At home, adaptogens are grown by mallow aralku, eleuterokok ostnitý, klanoprašku čínská, rozchodník pink, saplór pary, bajkalský šišek, čínský kosovnice, hnědák hnědý, šišák východní, rdesno mnohokvěté, asijské umbilik, básková drobnolistá,
Still another question, can I find Oplopanax elatus , which is the best drug for treating schizophrenia?
Thank you for your reply Sincerely, Vladimir of Litovel
Dear Mr. Vladimir,
Let me express my admiration and support for your cultivation activity. Your garden of medicines is really quite extensive. The ultimate result of promoting adaptogens should be the state where humans themselves cultivate them. I would also like to be able to prescribe more doctors.
Let's go now to triple ginseng ( Panax trifolius ). To be honest, ginseng triangles do not stand just in the middle of my interests. Missing information was taken from botanical sites by Daniel Reed ( http://2bnthewild.com/ ) and François d'Aillon ( http://www.labunix.uqam.ca/ ).
Gentian triple is a perennial, but its vegetation period is only in spring, summer dry and rest until the next spring. Suitable lighter, sufficiently moist soils outside the floodplain area will be suitable for cultivation. Perhaps it will also require a shade of deciduous trees. I have the impression that he will take a large part of his photosynthetic needs in the spring before the leaves are shaded.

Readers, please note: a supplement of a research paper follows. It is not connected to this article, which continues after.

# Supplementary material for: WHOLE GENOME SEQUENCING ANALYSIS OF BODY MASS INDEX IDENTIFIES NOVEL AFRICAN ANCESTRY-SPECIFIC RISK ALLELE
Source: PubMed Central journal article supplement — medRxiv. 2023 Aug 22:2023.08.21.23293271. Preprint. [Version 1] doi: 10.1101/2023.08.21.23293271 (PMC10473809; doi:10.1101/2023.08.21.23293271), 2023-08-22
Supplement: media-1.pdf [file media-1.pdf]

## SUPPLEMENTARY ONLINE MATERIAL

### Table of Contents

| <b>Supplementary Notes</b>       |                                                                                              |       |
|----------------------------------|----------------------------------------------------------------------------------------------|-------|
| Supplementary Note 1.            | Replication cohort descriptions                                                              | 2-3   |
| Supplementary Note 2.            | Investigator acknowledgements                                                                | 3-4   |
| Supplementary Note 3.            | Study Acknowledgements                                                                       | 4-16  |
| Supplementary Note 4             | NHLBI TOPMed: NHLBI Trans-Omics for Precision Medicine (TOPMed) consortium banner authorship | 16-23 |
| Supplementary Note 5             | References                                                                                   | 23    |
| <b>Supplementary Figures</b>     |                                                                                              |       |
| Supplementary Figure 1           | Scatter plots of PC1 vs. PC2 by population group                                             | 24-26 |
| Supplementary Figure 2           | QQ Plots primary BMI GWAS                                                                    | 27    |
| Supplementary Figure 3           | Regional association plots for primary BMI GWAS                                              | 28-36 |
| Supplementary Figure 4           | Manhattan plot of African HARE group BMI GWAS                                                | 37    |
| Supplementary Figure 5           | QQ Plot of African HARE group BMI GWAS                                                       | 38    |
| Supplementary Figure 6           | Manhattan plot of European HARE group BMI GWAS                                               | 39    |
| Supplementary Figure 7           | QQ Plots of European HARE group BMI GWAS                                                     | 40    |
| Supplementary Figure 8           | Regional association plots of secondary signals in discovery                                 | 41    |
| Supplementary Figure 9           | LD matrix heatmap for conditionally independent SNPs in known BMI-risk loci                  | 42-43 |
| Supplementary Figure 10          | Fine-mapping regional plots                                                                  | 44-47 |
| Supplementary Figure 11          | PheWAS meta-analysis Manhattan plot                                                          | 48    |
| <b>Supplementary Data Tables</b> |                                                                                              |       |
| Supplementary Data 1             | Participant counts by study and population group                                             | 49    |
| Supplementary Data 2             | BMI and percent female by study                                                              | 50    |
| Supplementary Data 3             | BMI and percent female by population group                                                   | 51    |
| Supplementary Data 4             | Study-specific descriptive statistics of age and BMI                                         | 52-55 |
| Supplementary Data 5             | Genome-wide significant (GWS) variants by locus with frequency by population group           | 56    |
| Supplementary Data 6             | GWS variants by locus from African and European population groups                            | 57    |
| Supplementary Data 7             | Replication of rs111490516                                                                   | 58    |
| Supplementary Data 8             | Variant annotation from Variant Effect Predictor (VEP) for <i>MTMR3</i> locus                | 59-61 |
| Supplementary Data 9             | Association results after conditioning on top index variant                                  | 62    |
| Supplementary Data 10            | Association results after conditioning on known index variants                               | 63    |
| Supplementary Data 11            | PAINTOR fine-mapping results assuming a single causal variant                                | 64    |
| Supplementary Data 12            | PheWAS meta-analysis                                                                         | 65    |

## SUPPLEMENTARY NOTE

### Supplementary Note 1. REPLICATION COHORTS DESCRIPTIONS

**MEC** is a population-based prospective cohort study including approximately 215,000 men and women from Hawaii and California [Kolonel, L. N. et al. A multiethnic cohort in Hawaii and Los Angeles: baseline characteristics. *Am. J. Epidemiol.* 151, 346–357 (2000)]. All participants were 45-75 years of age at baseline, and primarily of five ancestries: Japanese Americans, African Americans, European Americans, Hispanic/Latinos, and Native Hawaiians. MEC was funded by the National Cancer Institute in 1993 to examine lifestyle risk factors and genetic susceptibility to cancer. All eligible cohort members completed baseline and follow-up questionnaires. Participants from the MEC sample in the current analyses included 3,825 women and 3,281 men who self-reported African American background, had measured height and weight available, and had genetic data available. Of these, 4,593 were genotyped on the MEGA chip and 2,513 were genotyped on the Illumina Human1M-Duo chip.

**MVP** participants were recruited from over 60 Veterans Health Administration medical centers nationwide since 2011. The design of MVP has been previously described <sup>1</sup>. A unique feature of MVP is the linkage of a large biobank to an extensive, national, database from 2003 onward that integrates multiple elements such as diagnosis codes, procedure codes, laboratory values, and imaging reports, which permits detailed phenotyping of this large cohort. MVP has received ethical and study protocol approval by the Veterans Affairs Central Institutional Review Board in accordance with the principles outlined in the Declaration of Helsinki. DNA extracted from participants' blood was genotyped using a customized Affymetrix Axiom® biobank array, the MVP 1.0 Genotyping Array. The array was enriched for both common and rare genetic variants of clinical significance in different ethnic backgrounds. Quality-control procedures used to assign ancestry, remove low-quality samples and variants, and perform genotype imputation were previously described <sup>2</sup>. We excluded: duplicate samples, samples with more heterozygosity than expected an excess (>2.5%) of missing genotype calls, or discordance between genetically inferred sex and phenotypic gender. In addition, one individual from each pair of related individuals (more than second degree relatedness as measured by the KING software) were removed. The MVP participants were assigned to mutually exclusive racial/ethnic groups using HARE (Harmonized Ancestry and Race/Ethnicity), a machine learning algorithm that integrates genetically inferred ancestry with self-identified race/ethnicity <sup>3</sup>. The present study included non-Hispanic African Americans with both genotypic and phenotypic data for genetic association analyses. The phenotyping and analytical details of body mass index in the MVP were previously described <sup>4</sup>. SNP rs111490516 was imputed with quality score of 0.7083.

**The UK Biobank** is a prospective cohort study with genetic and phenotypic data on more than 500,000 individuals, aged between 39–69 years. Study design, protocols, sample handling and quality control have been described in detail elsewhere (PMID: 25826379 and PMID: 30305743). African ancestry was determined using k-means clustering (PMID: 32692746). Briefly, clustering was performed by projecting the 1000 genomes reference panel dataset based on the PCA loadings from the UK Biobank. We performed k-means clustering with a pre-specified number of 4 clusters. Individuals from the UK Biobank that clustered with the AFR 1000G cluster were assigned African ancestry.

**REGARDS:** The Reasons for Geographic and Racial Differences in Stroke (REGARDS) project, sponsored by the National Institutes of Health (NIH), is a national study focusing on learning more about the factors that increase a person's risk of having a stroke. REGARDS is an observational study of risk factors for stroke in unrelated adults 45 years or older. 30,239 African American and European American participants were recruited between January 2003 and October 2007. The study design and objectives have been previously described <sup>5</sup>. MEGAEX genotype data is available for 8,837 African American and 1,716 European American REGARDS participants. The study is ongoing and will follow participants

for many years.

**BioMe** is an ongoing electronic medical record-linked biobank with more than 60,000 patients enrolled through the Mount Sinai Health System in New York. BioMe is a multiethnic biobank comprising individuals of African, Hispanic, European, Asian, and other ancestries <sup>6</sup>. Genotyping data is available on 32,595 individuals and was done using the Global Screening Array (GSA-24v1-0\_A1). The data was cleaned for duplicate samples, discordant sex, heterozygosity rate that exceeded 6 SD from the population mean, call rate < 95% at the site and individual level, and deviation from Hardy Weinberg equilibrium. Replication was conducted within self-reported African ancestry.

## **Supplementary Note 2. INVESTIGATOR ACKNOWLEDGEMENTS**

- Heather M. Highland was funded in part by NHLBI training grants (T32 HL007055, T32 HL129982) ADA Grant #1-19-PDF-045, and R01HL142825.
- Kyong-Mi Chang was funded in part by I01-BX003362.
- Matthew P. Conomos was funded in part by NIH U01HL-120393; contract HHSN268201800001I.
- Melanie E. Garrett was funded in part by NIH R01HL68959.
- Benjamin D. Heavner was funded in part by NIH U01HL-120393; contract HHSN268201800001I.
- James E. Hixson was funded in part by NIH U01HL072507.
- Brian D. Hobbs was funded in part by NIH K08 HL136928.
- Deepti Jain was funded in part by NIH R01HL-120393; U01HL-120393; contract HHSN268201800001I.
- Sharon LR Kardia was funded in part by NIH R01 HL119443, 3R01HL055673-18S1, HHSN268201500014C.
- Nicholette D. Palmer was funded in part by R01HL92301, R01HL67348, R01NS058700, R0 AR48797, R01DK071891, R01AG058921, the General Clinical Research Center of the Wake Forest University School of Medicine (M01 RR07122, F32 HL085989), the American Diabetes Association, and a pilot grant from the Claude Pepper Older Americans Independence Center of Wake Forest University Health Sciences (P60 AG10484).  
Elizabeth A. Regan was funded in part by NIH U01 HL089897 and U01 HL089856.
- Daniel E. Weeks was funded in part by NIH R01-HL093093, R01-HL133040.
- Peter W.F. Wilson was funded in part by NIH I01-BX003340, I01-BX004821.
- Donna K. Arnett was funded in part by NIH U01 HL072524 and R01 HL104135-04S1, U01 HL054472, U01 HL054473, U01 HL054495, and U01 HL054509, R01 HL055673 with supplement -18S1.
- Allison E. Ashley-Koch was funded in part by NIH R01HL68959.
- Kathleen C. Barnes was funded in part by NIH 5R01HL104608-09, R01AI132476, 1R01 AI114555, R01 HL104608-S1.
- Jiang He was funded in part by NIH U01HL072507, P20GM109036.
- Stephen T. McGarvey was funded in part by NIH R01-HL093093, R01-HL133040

Gentian triple is known to have leaflets of foliage not petiole and his berries are yellow, not red. Try to get the berries from that lady, and when you plant the seeds, you will see what it is. The gentlemen of the triplets also have the ability to change the gender between the male (rods) and the oblong. Males form more blooming, but no berries, of course, produce.
Ginseng tritium contains in a small but non-zero amount at least 4 species of panaxosides ( Lee1981tta ) whose total content in the plant is 0.0061%, ie about 500 times less than in the ginseng . The root has a spherical shape, it is edible and in America it is called 'ground nut', or nutmeg.
There is no scientific research on the healing of the tribal ginseng, but according to the ethnobotanical data, Cherokee Indians have used it for cutting wounds as an anti-hemorrhage treatment.
We do not help you with the last question, with the planting of seedlings of the plants of Oplopanax elatus . What you tell me about his effect on schizophrenia is something new to me. For example, a recent Korean study ( Yang2010opf ) does not mention Oplopanax elatus at all. For another discussion, I first need to know the source from which your claim about the effect of O. elatus on schizophrenia comes from.